by a defendant's counsel carrying out discussions and negotiations in an
attempt to secure an agreement to defend prior to commencing a lawsuit to
enforce the right to a defense, are of the same nature and character as those
hours spent after commencement of the lawsuit. Defense counsel has cited to no
authority for this proposition, however, and research has not disclosed any
decision in which such an analogy was made and a subsequent reduction in the
The lack of such authority may well reflect public policy or a desire to avoid
inquiry into the minute-by-minute nature of every action taken by attorneys who
are engaged in their client's defense. It is safe to say that whenever an
insurer or other party that arguably owes a duty to defend does not immediately
agree to provide or pay for such defense, the attorneys hired by the party to
whom the duty is owed will expend some time in making demands and attempting to
secure their client's rights without resorting to a lawsuit. That is simply
part of representing their client's best interests. The time consumed by this
endeavor will vary greatly -- from a simple demand letter or a few phone calls
to an extended series of meetings -- and that time will inevitably be billed in
connection with the underlying action against their client. Consequently, in
every action arising from a breach of the duty to defend, some portion of the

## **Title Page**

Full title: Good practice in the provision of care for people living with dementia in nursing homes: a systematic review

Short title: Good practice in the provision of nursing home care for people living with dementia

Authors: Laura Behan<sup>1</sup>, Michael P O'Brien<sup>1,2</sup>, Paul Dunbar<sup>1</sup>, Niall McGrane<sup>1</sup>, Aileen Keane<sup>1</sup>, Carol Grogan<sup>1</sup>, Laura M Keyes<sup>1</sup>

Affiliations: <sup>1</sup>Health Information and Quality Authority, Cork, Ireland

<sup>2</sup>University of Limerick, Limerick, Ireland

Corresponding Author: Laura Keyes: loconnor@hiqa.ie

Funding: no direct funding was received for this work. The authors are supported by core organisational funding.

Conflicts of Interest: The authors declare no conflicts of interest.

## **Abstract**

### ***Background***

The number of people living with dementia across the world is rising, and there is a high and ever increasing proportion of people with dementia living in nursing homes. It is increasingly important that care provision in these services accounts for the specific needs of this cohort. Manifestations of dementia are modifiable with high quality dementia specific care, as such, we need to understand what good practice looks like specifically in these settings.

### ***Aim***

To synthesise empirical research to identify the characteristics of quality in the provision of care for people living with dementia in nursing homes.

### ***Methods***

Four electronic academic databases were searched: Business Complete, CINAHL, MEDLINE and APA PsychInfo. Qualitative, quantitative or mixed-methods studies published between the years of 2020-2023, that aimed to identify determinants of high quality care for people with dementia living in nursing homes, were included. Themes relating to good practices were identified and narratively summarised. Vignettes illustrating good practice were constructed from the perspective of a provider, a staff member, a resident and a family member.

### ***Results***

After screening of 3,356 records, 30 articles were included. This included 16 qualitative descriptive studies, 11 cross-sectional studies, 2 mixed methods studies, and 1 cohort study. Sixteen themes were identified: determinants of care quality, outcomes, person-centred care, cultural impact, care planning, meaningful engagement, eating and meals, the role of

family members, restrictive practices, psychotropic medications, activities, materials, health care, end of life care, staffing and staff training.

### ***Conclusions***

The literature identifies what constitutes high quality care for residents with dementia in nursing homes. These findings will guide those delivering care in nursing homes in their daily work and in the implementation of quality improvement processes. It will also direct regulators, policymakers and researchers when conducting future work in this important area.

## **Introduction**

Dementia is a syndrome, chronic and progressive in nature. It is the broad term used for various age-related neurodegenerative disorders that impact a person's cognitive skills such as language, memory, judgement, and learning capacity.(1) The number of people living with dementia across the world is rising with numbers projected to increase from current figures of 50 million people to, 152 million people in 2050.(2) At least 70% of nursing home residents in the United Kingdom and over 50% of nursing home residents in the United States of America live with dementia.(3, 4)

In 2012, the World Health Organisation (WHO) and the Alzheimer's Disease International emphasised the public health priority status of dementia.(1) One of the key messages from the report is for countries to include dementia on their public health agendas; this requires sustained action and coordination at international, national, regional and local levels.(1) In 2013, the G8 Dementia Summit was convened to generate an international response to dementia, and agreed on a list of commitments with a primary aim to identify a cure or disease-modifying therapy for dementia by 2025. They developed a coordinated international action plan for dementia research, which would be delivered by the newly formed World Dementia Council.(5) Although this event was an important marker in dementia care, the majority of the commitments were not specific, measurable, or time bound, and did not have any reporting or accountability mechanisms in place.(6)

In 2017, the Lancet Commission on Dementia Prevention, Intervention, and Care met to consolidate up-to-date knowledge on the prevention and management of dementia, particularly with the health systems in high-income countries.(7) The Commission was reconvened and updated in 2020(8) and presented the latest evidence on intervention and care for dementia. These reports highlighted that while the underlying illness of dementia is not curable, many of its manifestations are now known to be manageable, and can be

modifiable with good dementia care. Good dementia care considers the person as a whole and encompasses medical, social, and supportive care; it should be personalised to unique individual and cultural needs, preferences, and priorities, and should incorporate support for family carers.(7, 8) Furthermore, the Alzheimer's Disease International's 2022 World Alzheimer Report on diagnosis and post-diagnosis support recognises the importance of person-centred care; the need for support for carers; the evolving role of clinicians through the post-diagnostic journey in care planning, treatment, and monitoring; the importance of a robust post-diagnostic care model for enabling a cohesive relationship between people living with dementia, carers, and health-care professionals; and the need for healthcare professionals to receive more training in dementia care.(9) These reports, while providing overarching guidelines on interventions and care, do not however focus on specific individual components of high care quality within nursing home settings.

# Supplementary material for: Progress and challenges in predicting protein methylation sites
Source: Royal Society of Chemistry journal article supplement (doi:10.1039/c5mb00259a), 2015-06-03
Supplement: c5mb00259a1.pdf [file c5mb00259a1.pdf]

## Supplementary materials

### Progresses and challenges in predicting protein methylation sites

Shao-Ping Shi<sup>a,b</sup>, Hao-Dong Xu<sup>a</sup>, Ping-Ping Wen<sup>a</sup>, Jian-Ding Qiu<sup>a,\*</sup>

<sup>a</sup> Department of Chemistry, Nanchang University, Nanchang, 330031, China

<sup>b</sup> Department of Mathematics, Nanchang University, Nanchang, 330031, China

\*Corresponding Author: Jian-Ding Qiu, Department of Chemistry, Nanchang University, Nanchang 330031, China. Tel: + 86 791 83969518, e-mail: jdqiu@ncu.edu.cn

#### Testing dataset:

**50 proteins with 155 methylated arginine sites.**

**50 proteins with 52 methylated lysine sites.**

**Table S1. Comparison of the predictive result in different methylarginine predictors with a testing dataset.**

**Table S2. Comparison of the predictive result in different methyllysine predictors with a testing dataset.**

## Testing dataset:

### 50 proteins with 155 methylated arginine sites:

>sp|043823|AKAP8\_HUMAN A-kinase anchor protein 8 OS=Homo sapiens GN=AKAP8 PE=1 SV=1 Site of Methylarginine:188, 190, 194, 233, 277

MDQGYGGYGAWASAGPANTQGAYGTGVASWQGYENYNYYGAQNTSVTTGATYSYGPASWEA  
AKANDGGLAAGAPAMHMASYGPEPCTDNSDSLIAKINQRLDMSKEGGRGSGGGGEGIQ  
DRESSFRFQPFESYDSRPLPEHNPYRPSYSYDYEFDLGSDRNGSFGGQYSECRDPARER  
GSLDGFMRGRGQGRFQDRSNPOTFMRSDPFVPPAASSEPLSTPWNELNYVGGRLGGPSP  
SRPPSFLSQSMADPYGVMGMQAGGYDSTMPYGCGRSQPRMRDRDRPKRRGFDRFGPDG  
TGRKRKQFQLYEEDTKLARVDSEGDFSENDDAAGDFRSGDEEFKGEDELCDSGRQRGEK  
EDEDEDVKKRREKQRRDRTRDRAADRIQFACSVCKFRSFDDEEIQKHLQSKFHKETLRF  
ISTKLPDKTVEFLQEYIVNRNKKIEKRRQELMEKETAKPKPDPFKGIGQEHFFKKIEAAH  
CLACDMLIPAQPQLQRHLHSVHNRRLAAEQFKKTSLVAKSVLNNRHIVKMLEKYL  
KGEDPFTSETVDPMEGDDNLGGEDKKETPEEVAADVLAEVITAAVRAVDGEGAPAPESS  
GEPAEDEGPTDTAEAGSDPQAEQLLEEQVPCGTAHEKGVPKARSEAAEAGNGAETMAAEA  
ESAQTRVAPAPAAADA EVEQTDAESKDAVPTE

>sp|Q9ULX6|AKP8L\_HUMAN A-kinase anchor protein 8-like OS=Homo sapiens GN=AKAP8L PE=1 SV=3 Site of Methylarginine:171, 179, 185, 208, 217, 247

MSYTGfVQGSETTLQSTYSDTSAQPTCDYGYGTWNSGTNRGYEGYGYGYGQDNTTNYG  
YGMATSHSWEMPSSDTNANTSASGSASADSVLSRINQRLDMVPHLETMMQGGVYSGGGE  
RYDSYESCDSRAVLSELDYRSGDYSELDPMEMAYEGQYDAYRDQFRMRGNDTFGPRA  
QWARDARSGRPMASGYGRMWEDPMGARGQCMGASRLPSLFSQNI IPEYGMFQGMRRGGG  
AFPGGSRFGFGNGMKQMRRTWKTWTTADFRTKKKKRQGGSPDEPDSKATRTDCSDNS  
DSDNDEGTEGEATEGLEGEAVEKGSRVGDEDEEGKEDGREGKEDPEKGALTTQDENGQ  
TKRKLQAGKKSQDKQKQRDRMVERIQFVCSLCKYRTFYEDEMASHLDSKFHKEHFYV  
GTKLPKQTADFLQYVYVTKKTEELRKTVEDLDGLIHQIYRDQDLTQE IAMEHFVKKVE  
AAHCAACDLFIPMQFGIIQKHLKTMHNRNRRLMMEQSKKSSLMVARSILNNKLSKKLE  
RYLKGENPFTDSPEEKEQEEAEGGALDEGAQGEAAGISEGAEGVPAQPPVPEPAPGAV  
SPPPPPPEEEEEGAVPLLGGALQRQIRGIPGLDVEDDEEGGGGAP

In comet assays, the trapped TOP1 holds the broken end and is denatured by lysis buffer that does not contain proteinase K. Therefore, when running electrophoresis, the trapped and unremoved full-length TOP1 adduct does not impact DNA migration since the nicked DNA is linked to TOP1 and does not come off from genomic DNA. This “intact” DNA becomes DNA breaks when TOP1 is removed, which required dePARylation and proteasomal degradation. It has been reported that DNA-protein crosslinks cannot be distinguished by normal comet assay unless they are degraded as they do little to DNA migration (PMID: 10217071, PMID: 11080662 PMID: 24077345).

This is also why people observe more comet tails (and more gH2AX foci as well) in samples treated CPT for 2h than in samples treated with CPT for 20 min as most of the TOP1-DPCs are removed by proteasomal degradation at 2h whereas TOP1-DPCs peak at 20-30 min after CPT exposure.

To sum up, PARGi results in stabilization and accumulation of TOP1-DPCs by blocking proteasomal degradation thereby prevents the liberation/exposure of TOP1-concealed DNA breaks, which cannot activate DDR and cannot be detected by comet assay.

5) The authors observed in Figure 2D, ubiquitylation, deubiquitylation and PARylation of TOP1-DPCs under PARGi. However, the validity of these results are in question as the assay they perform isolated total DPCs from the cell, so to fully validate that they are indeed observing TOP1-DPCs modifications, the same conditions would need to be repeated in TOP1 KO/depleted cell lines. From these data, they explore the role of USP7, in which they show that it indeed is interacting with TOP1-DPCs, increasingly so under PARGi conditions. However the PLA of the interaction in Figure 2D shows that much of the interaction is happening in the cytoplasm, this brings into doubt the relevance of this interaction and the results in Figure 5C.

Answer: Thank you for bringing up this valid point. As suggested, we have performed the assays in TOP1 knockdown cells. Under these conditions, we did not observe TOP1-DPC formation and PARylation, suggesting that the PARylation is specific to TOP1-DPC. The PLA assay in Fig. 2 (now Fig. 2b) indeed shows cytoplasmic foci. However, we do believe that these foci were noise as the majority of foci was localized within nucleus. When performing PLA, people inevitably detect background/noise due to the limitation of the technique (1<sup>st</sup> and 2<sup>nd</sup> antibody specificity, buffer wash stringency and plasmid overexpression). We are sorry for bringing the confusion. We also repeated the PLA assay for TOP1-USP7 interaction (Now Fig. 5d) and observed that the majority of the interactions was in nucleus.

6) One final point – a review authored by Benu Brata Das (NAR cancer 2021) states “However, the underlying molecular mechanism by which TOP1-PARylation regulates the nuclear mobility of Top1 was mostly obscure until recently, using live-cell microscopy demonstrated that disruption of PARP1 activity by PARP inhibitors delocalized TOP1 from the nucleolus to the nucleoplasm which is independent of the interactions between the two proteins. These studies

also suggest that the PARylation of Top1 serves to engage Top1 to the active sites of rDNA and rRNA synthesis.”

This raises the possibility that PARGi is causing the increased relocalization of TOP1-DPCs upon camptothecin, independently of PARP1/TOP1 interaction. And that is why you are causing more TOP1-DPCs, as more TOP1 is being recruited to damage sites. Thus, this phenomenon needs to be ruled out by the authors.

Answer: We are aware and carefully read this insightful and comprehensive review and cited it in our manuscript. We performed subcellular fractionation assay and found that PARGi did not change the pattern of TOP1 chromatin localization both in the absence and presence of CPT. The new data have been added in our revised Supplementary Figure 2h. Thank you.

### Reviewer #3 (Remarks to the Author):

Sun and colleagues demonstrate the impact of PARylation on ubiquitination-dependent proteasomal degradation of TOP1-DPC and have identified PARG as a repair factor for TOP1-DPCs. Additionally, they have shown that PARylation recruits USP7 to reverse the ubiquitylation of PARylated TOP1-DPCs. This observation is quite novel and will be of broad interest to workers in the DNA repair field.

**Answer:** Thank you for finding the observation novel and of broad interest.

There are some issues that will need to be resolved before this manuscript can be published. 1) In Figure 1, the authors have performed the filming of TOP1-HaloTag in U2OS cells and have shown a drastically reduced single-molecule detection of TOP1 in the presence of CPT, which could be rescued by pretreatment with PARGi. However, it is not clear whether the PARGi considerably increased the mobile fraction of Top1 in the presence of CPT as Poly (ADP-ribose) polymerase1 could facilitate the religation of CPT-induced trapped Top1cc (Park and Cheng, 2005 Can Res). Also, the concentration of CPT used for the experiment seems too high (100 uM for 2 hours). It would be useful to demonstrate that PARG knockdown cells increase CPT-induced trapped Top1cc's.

total bill for "counsel fees, professional services and disbursements" will
represent prelitigation efforts to secure the right to a defense. To exclude
expenses associated with such efforts from the recovery allowed by law, there
would have to be an allocation in every instance. The net effect would
inevitably be to discourage efforts to resolve the matter by agreement.
Although I can understand the reasoning of Defendant's argument, I have found no
authority to support reducing the award by an amount representing the attorneys'
prelitigation efforts to persuade the State to provide or pay for the defense
that it owed to the County, and I am not inclined to make such a novel,
far-reaching ruling in the absence of such authority.
Defendant's motion is denied.
Rochester, New York
HON. PHILIP J. PATTI
Judge of the Court of
The entire text of these provisions is set
out in the earlier decision.
The party owing the duty to defend is liable,
however, for attorney's fees incurred if the other party is placed in a
defensive posture by a suit brought to establish that no duty is owed, on the
theory that the duty to defend encompasses the defense of any
arising out of a particular occurrence (Chase Manhattan Bank v Each
Individual Underwriter Bound to Lloyd's Policy No. 790/004A89005
, 258 AD2d
1, 4; Mighty Midgets v Centennial Ins. Co.